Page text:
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Agroforestry

What is agroforestry

Agroforestry is the integration of trees with either crops or livestock on the same land. It aims to achieve additional benefits in comparison to keeping agriculture and trees separate.

Across the world, agroforestry encompasses a wide variety of practices ranging from simple shelterbelts of trees around fields to an intimate integration of food crops and trees.

Benefits of agroforestry

  • Farming and forestry working together in the same field, providing additional sources of sustainable on-farm revenue
  • Growing high-quality timber managed to integrate with livestock production and grass growth
  • Promoting animal welfare and contributing to better livestock productivity
  • Enhancing grass growth, biodiversity and water quality with improved shelter, soil health and nutrient capture
  • Supported by attractive establishment grants and annual premiums in addition to the Basic Payment Scheme (BPS) on eligible land

Supports for agroforestry

New agroforestry planting is now supported with generous funding available under the Afforestation Grant and Premium Scheme administered by the DAFM. Agroforestry can be planted standalone or in combination with other afforestation options, providing an opportunity for farmers to achieve
additional environmental, economic and practical objectives.

As with all afforestation schemes, the switch to agroforestry is a permanent land use change.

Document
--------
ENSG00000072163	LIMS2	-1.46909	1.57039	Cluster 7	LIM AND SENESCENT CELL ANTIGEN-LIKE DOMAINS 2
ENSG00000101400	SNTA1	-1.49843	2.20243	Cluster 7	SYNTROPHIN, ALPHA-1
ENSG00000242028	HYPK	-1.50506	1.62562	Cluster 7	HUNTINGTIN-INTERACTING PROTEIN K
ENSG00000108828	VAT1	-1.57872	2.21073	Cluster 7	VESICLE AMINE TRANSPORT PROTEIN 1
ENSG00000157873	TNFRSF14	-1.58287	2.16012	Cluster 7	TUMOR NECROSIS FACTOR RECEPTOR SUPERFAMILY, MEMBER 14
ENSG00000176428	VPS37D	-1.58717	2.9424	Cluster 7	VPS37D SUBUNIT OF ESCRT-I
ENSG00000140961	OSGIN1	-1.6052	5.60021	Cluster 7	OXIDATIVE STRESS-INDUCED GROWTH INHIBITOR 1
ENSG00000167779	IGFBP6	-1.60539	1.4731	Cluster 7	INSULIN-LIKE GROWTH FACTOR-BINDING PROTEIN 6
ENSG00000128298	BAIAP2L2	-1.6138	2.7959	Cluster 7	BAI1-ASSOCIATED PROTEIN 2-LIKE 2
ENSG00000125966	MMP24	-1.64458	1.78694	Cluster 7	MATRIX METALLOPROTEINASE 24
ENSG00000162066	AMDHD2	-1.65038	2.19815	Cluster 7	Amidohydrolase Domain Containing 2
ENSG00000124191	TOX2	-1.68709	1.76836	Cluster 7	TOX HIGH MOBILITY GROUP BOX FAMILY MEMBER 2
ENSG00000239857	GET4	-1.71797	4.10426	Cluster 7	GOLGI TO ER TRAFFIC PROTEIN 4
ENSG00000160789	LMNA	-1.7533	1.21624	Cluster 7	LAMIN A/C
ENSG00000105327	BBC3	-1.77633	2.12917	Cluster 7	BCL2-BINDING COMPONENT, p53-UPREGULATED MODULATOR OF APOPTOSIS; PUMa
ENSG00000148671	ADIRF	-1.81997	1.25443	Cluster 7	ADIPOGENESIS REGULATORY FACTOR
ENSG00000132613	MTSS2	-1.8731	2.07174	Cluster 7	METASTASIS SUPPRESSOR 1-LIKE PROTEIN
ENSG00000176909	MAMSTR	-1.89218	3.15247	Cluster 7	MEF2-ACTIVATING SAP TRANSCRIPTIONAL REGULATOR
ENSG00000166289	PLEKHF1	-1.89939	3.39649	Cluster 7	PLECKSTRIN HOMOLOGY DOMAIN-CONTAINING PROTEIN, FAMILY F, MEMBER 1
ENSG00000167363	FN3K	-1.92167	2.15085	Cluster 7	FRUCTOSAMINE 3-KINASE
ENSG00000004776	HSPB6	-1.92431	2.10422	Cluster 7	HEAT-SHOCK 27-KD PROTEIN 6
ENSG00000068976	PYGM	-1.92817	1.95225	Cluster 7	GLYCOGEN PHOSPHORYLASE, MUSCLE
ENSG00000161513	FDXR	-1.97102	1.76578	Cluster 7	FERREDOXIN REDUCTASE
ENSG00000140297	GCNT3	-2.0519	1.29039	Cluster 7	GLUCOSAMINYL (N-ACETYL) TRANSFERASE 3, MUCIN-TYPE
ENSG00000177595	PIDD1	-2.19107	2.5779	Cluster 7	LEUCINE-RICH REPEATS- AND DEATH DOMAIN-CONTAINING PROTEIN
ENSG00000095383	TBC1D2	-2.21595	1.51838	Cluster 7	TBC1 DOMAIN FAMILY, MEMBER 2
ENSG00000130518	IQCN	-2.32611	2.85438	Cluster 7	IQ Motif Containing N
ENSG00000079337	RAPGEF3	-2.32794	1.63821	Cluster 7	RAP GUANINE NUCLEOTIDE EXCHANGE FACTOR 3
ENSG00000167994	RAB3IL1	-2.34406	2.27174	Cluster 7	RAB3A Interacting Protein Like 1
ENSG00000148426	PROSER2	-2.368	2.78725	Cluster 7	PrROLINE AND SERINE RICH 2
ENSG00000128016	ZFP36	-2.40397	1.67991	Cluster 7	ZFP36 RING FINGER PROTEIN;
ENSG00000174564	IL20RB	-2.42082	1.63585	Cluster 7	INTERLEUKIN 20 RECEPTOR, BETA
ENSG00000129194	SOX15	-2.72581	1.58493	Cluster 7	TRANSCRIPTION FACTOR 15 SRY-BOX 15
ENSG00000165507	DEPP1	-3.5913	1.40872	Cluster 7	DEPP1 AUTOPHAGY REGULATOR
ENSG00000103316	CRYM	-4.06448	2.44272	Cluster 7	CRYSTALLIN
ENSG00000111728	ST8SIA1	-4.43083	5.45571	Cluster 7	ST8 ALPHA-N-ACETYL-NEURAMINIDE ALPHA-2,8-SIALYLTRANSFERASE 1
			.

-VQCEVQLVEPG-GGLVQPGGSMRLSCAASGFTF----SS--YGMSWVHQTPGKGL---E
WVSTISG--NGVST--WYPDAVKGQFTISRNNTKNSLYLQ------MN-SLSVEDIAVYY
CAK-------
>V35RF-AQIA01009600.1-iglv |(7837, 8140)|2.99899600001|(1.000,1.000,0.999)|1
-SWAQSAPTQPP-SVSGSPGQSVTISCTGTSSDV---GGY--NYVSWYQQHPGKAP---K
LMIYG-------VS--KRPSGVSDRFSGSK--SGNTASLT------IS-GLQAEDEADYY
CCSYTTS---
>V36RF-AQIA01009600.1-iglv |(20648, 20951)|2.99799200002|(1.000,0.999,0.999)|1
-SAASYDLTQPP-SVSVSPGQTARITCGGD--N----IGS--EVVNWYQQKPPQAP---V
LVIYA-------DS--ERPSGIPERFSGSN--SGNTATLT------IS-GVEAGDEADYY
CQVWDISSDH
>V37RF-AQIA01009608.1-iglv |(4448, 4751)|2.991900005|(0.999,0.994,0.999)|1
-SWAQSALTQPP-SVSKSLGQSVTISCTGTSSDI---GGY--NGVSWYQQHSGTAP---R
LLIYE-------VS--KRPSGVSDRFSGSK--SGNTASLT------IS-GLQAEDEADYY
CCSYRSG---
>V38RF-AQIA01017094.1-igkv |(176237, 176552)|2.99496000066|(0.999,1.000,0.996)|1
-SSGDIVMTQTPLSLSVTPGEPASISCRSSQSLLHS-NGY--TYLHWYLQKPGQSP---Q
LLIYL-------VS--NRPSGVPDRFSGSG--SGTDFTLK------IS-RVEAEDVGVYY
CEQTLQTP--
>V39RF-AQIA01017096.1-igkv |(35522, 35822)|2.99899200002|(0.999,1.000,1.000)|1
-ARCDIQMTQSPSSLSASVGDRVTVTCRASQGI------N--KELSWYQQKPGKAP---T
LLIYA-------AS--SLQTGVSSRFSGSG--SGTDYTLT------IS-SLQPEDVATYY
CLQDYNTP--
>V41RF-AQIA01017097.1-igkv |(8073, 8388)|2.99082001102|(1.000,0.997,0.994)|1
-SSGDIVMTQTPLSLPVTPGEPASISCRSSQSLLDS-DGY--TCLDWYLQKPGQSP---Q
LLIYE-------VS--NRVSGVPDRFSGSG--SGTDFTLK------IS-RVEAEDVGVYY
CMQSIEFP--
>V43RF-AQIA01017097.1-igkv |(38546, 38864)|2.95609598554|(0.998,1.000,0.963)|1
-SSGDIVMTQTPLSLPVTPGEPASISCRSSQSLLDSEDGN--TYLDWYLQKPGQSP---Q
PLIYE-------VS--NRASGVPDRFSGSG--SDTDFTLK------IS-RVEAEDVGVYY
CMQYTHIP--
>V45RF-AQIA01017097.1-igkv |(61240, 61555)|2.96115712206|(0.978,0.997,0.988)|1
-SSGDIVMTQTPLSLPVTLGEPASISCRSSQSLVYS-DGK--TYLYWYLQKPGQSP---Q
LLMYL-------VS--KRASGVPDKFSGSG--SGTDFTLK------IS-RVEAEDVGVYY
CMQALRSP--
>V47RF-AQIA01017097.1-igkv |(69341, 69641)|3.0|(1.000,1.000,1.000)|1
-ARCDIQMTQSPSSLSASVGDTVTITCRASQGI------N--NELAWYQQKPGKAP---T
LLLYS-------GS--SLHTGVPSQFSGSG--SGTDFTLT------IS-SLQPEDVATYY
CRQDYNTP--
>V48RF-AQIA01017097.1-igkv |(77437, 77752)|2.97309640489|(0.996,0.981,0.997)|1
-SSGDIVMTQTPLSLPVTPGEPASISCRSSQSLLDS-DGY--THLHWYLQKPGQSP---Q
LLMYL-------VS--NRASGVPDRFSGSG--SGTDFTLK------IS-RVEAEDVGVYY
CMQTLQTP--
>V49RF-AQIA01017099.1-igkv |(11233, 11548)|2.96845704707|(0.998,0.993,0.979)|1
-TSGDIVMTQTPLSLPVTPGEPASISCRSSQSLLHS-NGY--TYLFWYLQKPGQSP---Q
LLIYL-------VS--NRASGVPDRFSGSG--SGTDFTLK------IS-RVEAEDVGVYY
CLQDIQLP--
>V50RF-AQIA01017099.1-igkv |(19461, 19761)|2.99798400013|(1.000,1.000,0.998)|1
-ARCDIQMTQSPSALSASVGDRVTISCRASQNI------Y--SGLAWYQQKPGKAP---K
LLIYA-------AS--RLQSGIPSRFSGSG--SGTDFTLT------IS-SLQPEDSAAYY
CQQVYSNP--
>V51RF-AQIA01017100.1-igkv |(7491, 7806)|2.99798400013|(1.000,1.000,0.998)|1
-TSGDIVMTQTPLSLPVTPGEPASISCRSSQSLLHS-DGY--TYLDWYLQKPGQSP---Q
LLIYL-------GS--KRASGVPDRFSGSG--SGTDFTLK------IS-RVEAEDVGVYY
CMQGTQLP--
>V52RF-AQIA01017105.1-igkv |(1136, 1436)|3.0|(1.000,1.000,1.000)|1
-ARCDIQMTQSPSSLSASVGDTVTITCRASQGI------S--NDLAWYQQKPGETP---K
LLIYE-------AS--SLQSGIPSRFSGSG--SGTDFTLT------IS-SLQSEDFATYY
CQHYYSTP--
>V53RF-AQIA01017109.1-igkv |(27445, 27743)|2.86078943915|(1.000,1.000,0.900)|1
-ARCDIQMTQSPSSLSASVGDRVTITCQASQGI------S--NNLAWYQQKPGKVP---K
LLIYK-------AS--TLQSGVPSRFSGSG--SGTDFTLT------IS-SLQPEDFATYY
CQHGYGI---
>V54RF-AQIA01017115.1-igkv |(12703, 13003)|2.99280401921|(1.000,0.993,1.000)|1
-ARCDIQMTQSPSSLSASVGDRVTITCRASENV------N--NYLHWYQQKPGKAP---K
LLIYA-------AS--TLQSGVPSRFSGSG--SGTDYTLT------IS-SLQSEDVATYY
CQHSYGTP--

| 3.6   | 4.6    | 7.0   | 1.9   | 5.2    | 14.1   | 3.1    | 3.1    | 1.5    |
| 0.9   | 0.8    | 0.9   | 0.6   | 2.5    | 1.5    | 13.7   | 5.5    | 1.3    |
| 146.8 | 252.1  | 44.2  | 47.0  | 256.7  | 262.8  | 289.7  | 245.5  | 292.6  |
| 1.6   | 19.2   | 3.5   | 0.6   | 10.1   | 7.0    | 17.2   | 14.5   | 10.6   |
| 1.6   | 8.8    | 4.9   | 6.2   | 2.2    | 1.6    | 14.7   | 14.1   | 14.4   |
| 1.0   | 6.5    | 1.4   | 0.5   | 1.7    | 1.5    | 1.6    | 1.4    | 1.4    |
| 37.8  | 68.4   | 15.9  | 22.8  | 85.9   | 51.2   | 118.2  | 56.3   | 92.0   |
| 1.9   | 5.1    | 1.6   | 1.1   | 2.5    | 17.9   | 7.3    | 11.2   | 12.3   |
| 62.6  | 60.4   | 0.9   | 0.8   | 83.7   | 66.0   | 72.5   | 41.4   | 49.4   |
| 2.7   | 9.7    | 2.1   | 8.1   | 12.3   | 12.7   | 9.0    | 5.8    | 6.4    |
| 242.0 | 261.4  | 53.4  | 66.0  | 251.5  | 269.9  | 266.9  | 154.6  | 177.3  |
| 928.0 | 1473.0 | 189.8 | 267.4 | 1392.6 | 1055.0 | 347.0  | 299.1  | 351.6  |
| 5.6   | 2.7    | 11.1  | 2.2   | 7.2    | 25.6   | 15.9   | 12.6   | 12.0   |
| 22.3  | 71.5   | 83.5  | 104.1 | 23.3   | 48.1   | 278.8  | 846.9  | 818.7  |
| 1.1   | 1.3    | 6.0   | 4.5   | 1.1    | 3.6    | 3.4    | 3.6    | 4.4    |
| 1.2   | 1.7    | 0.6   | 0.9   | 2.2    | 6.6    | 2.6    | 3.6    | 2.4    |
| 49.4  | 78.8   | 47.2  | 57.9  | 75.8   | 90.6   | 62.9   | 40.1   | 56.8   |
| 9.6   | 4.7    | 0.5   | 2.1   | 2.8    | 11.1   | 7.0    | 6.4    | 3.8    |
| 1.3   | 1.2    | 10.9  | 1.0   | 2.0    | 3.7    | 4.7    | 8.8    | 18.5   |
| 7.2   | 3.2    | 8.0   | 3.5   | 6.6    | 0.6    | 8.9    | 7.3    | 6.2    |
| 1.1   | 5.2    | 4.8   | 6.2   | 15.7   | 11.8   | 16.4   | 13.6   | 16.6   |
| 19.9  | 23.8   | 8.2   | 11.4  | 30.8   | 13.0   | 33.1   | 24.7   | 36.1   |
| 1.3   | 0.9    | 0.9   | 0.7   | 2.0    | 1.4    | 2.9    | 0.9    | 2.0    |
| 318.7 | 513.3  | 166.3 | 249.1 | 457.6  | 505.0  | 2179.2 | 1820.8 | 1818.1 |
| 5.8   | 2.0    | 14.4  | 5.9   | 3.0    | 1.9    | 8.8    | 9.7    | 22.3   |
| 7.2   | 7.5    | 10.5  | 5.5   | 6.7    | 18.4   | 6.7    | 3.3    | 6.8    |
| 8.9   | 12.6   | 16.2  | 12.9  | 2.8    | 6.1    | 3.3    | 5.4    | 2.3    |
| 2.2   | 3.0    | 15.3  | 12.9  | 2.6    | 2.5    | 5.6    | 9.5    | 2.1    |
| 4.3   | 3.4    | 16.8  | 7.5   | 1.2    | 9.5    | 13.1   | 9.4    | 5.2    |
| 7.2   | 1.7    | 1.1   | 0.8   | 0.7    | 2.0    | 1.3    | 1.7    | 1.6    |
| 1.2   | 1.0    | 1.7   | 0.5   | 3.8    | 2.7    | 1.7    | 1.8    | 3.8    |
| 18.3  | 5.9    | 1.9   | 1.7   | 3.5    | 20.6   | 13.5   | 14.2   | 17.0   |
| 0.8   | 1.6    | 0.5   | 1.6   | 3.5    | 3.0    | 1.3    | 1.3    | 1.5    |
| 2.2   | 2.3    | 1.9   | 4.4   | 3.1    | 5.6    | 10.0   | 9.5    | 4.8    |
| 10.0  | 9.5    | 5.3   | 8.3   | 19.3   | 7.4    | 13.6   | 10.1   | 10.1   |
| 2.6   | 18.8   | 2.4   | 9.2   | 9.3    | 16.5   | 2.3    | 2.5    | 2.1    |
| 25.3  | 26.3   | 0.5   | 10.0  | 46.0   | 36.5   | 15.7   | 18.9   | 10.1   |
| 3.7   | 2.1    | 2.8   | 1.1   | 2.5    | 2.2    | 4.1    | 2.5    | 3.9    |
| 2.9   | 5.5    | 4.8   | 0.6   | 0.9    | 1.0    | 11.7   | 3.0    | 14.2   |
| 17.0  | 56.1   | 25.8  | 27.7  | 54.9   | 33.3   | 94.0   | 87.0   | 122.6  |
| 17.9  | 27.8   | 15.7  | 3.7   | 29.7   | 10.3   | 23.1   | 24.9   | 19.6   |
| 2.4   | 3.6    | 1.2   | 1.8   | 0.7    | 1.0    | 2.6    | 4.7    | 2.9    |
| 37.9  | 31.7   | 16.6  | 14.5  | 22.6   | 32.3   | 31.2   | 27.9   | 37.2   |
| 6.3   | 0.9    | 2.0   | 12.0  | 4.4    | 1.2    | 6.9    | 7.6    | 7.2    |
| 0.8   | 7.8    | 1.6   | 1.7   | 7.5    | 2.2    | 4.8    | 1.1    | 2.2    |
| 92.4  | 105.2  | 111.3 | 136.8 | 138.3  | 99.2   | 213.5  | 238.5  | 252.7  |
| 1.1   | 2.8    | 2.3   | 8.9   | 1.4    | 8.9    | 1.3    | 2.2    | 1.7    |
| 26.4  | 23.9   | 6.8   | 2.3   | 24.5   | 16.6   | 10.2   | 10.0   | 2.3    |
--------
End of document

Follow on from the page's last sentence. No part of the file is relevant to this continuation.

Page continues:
• Establishment grant:
    supports the cost of planting and establishing new agroforestry, with current total available funding of €6,220/ha.
  • Annual forestry premium:
    up to €660/ha/annum. Currently paid for five years.
  • Choice of trees:
    oak, sycamore and cherry, including 15% fruit and nut trees with other species considered on a site-by-site basis.
  • Individual tree protection:
    each tree is protected by a tree shelter.
  • Tree numbers:
    to accommodate farming activity, trees are planted at wide spacing ranging 400-1,000 trees/ha, e.g., 400 trees/ha = 5m x 5m spacing.
  • Minimum area:
    0.5ha with a tree-to-tree width of 20m.

Further details regarding Agroforestry support measures can be found here.

Agroforestry in Ireland

Trees have a very important role in the farming landscape and agroforestry is now a specific grant category within the DAFM Forestry Programme. A landowner can apply for grant support to plant an area of agroforestry. With the continued need to increase the level of tree planting in Ireland, agroforestry is seen to have a role in contributing to this into the future.

Types of agroforestry in Europe

  1. Silvopastoral: trees and livestock (currently funded in the Department of Agriculture, Food and the Marine (DAFM) Forestry Programme).
  2. Silvoarable: trees and crops.
  3. Hedgerows/shelterbelts/trees for water protection.
  4. Forest farming: crop cultivation within a forest, e.g., harvesting of forest fungi.
  5. Home gardens: tree and food production in small areas.